Back in 1954, President Eisenhower took the November 11 holiday so seriously that he formally designated the head of the Veterans Administration to chair a Veterans Day National Committee. As the 34th president wrote, “I am requesting the heads of all departments and agencies of the Executive branch of the Government to assist the Committee in its work in every way possible.”

In fact, planning for important national holidays goes back to the beginning of the republic in 1776—to the Fourth of July. As John Adams, the future second president, wrote in a letter to his wife Abigail of the new holiday:

I am apt to believe that it will be celebrated, by succeeding Generations, as the great anniversary Festival.  It ought to be commemorated, as the Day of Deliverance by solemn Acts of Devotion to God Almighty.  It ought to be solemnized with Pomp and Parade, with Shews, Games, Sports, Guns, Bells, Bonfires and Illuminations from one End of this Continent to the other from this Time forward forever more.

Thus the lesson: Leave nothing to chance. 

World War One American infantry re-enactors march in the Veterans Day Parade on November 11, 2019 in New York City. (Spencer Platt/Getty Images)

Veterans carry a large American Flag while marching in the Veterans Day Parade in New York City on November 11, 2016. (Spencer Platt/Getty Images)

Members of the U.S. Marines march in the Veterans Day Parade in New York City on November 11, 2016. (Spencer Platt/Getty Images)

Gavin Kinney (9) holds up a sign thanking veterans at the Veterans Day Parade in New York City on November 11, 2015. (Spencer Platt/Getty Images)

Another American caught up in that same spirit of consciously shaping patriots was Noah Webster. These days, Webster is best known for his dictionary, and yet back in 1785 he published a school textbook, An American Selection of Lessons in Reading and Speaking, featuring patriotic writings and speeches from George Washington and other heroes.  The book enjoyed some 77 printings over the next few decades; in some editions, the title page featured this quote on the importance of educating the young to be patriots: “Begin with the infant in the cradle; let the first word he lisps be Washington.” 

Yes, today, we must actively teach the young to be good patriots; if we fail to do so, they could end up like too many in Austin.  

Indeed, strong patriotic education isn’t just a nice thing; it’s an essential thing. As Winston Churchill—whose mother was an American—declared of patriotic public instruction, “A love for tradition has never weakened a nation, indeed it has strengthened nations in their hour of peril.” Churchill said those words in 1944, during the middle of World War Two. In that war, as in every war, we are reminded that we need the bravery and the sacrifice that comes from patriots. 

And speaking of 1944, the year of D-Day, we might recall that the opening scene of the film Saving Private Ryan—before the hellish scenes of the bloody landing at Omaha Beach—starts with an American flag.

So who, today, will teach Americans about patriotism? About the true meaning of Veterans Day? We know all too well what the other side is doing; we know, for instance, about The New York Times’ dishonest and divisive 1619 Project, which has now worked its way into many school curricula, where it has joined with Critical Race Theory.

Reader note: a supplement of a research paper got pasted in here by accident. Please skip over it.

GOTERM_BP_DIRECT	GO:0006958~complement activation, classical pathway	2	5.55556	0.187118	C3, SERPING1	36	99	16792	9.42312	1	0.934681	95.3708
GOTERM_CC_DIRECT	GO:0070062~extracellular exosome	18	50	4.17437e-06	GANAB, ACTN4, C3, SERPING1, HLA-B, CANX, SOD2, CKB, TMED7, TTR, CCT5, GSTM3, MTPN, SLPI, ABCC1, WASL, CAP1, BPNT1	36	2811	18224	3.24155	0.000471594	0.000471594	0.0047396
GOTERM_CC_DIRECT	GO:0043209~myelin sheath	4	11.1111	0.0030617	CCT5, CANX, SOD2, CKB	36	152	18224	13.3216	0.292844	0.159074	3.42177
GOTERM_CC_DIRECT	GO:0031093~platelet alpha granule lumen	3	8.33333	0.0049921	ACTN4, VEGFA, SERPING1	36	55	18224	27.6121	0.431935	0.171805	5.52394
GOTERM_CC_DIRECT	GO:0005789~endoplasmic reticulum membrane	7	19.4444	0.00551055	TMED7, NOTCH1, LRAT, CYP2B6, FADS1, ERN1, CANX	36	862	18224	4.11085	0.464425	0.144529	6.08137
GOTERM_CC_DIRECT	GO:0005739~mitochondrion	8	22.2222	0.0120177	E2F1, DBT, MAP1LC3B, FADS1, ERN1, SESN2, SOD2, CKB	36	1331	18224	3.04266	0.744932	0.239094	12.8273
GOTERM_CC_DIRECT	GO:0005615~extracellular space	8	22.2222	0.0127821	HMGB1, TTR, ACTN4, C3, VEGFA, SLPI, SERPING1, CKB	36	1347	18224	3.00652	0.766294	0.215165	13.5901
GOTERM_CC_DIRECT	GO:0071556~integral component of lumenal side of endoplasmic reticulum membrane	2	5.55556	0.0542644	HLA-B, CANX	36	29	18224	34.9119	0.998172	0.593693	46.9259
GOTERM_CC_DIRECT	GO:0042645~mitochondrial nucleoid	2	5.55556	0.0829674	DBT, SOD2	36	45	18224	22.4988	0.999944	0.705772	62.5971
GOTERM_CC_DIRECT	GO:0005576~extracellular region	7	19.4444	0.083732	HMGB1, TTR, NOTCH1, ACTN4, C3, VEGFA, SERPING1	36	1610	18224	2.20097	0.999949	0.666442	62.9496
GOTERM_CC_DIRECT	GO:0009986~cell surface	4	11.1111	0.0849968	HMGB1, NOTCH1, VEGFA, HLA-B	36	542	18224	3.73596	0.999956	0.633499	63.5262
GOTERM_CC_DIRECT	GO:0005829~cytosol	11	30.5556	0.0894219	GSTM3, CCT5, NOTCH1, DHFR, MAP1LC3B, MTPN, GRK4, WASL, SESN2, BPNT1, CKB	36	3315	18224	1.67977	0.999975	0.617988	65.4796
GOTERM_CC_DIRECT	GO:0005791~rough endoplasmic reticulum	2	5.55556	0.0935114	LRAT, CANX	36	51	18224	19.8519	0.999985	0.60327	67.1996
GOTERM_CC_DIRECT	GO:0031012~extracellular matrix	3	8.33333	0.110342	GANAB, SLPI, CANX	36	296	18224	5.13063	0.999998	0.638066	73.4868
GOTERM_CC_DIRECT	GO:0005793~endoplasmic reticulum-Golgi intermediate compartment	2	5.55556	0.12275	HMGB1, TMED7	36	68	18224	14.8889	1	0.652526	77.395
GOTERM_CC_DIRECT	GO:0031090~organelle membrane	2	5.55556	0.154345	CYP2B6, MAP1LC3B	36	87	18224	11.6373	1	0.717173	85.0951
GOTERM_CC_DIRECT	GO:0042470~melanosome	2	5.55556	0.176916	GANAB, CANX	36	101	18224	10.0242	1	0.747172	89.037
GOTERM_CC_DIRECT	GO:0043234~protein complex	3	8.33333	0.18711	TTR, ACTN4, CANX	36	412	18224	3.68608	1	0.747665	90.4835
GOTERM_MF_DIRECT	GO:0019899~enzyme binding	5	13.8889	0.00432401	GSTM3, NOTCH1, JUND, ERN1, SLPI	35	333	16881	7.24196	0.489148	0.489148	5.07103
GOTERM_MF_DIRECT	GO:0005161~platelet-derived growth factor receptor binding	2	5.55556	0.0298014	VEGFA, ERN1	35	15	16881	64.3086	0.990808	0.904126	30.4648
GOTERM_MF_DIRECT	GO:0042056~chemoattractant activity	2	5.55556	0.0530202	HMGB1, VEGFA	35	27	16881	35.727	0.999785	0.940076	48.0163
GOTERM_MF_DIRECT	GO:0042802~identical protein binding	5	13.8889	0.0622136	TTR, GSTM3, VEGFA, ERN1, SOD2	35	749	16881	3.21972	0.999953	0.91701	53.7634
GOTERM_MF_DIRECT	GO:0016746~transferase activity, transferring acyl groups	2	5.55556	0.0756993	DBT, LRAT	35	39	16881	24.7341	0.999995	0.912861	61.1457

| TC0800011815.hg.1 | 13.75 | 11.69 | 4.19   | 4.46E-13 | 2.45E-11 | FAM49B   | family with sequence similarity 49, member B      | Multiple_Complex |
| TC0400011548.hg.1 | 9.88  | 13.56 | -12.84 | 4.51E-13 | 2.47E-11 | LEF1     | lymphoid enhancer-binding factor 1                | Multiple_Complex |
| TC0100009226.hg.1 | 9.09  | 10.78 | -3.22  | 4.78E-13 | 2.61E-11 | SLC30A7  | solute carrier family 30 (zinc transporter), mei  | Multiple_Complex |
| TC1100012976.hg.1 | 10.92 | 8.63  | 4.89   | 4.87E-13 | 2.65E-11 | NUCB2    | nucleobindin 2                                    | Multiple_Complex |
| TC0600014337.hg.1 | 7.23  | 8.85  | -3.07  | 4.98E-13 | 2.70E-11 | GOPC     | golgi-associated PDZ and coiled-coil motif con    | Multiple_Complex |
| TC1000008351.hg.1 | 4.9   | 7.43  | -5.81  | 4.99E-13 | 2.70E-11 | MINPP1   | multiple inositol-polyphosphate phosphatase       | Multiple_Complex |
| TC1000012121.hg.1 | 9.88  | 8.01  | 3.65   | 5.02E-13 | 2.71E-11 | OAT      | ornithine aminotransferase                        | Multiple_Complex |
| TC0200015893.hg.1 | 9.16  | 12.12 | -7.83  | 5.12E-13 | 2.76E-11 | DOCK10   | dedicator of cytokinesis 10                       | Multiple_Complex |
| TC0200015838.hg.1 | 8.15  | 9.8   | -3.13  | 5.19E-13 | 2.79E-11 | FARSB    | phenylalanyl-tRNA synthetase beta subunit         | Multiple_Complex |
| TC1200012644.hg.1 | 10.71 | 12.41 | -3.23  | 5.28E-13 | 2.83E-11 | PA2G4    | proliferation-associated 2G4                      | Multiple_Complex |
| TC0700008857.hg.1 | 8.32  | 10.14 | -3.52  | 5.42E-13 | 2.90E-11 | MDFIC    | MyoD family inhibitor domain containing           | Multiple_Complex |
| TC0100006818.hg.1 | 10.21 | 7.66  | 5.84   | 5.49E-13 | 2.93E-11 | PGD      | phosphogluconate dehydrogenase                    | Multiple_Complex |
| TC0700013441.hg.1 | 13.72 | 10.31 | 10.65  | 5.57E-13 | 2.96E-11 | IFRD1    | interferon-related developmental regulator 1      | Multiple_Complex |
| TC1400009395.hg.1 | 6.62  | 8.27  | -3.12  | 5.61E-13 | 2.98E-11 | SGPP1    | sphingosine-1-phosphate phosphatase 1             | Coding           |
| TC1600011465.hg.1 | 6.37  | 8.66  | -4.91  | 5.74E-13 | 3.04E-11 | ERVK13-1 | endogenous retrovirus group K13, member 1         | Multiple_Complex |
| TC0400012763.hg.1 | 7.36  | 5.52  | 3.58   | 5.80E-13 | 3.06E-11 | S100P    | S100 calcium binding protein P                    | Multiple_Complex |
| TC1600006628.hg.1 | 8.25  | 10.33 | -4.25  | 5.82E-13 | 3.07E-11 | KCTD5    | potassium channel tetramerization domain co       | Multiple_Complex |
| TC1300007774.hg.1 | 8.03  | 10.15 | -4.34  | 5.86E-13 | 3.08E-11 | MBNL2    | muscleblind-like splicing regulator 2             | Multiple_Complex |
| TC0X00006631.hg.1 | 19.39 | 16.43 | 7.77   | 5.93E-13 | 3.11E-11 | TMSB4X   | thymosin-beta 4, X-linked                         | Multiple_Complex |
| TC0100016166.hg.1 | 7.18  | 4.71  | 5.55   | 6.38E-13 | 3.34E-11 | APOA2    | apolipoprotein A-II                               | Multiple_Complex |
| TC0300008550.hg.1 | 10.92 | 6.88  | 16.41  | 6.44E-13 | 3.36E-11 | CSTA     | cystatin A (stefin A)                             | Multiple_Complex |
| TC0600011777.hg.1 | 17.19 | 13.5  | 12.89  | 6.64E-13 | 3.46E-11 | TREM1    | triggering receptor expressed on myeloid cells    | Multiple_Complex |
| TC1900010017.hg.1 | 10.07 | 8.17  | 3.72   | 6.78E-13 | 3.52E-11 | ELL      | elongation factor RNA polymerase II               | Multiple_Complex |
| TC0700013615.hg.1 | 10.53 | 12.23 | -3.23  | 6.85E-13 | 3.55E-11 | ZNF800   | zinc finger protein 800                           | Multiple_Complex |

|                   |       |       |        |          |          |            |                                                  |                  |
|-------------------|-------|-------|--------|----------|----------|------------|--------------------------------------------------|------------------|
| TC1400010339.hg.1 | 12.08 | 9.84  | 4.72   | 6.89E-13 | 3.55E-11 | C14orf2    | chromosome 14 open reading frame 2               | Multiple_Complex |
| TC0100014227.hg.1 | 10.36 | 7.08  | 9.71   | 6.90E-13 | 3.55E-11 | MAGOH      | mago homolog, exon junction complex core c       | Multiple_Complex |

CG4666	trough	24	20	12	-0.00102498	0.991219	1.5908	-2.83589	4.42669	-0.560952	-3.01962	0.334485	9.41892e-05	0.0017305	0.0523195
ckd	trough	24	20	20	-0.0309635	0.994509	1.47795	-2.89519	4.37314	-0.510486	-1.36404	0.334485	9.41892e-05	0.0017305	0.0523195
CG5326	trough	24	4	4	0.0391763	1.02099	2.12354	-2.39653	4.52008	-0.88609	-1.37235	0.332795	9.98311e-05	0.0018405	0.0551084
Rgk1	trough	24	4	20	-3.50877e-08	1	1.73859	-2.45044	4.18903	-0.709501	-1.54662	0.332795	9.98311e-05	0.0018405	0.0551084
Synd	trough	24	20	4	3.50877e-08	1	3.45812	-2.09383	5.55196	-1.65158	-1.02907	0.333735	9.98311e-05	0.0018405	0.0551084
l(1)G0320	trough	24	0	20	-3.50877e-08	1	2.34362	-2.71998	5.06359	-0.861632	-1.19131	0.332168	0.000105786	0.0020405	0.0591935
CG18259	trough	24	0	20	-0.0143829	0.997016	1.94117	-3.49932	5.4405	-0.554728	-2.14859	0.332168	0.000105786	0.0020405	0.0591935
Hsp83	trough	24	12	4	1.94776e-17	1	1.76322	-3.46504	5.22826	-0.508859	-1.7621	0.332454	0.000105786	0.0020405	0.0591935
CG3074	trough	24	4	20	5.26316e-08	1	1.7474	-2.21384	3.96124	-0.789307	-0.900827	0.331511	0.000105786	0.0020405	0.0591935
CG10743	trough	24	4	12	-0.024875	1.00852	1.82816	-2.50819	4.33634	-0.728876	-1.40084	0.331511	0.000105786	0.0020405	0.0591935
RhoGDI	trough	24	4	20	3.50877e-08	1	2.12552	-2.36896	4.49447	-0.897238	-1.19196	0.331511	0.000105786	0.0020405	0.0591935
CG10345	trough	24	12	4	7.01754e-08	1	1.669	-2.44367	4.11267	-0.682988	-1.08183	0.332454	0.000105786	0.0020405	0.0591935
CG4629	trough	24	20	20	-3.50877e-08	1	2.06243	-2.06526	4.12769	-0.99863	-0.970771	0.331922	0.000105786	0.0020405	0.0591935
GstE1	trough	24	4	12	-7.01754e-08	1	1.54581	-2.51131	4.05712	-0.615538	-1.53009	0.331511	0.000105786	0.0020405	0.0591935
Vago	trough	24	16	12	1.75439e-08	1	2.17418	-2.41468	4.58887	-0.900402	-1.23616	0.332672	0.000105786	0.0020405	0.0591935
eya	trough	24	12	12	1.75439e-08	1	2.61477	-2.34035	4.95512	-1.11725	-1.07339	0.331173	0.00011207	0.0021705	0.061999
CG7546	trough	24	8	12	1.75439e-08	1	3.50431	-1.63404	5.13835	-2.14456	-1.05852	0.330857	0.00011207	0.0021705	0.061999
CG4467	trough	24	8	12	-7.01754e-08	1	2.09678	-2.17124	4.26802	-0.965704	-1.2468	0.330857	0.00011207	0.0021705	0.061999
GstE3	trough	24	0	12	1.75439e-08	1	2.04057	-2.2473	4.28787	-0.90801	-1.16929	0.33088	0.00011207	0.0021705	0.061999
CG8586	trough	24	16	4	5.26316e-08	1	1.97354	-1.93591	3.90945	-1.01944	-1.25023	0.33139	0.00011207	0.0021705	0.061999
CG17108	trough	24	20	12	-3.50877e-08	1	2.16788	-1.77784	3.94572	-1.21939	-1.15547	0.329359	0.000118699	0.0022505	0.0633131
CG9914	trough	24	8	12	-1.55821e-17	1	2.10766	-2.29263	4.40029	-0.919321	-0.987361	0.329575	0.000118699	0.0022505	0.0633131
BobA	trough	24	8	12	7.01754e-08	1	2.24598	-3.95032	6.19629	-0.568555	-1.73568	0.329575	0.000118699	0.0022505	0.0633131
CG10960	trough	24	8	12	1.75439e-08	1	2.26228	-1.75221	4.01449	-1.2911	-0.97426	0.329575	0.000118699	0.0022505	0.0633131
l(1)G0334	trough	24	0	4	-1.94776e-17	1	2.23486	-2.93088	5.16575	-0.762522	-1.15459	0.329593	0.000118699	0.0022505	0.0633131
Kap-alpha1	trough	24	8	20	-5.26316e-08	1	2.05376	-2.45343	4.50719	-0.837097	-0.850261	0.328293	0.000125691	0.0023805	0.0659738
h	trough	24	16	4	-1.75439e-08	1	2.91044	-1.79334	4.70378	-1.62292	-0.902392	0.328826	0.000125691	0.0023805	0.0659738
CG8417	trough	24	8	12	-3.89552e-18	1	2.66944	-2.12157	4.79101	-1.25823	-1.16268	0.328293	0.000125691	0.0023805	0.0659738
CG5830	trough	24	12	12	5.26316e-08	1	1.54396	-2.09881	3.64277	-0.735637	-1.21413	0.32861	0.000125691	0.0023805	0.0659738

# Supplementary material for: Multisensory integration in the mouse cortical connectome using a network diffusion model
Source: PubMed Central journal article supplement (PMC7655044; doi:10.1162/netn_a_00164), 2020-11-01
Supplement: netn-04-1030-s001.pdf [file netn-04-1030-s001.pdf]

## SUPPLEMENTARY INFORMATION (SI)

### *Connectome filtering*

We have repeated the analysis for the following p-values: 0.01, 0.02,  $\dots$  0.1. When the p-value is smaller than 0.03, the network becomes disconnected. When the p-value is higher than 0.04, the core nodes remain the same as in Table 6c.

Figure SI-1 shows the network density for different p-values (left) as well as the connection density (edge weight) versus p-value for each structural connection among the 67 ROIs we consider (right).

Fortunately, the voters are rejecting CRT, as they did in Virginia earlier this month. And yet we must do more than just say “no” to bad lessons; we must say “yes” to good lessons. We need a better, brighter vision. So where can we look? To whom?  

One such aid is the work of William Damon, a professor of education at Stanford and a fellow at the conservative Hoover Institution. Last year, he authored How to Educate an American: The Conservative Vision for Tomorrow’s School, which includes this pertinent point: 

Unfortunately, patriotism is not a popular word in education circles. In fact, patriotism is one of the most politically incorrect words in education today.  If you think it’s hard to talk about morality and values in schools, try talking about patriotism. 

Damon adds:

To acquire civic purpose, students need to care about their country. As a foundation for citizenship education, schools should begin with the positive and emphasize reasons for caring enough about our society to participate in it and try to improve it.  In this way, American students and those who teach them can share civic purposes energized by a motivating spirit of patriotism.

If we were to follow Damon’s example—and the guidance of others who share his views—we’d have schoolbooks that give young Americans “civic purpose” and a “motivating spirit of patriotism.”  And if the young gain those positive traits, we’d have Americans who, when duty calls, will go rushing to defend the flag and the republic for which it stands. 

And so we come back to Veterans Day. We owe the soldiers of the past for their brave and stalwart service.  And yet as we look ahead to an inevitably stormy future—sadly, we haven’t seen the last war—we realize that paying our debt to the past is actually the best investment we can make for a secure future. 

Because is the soldier who keeps us free.

A tomb guard of the 3rd U.S. Infantry Regiment, known as “The Old Guard,” walks before a centennial commemoration event at the Tomb of the Unknown Soldier in Arlington National Cemetery in Arlington, VA, on November 9, 2021. (Alex Brandon/AFP via Getty Images)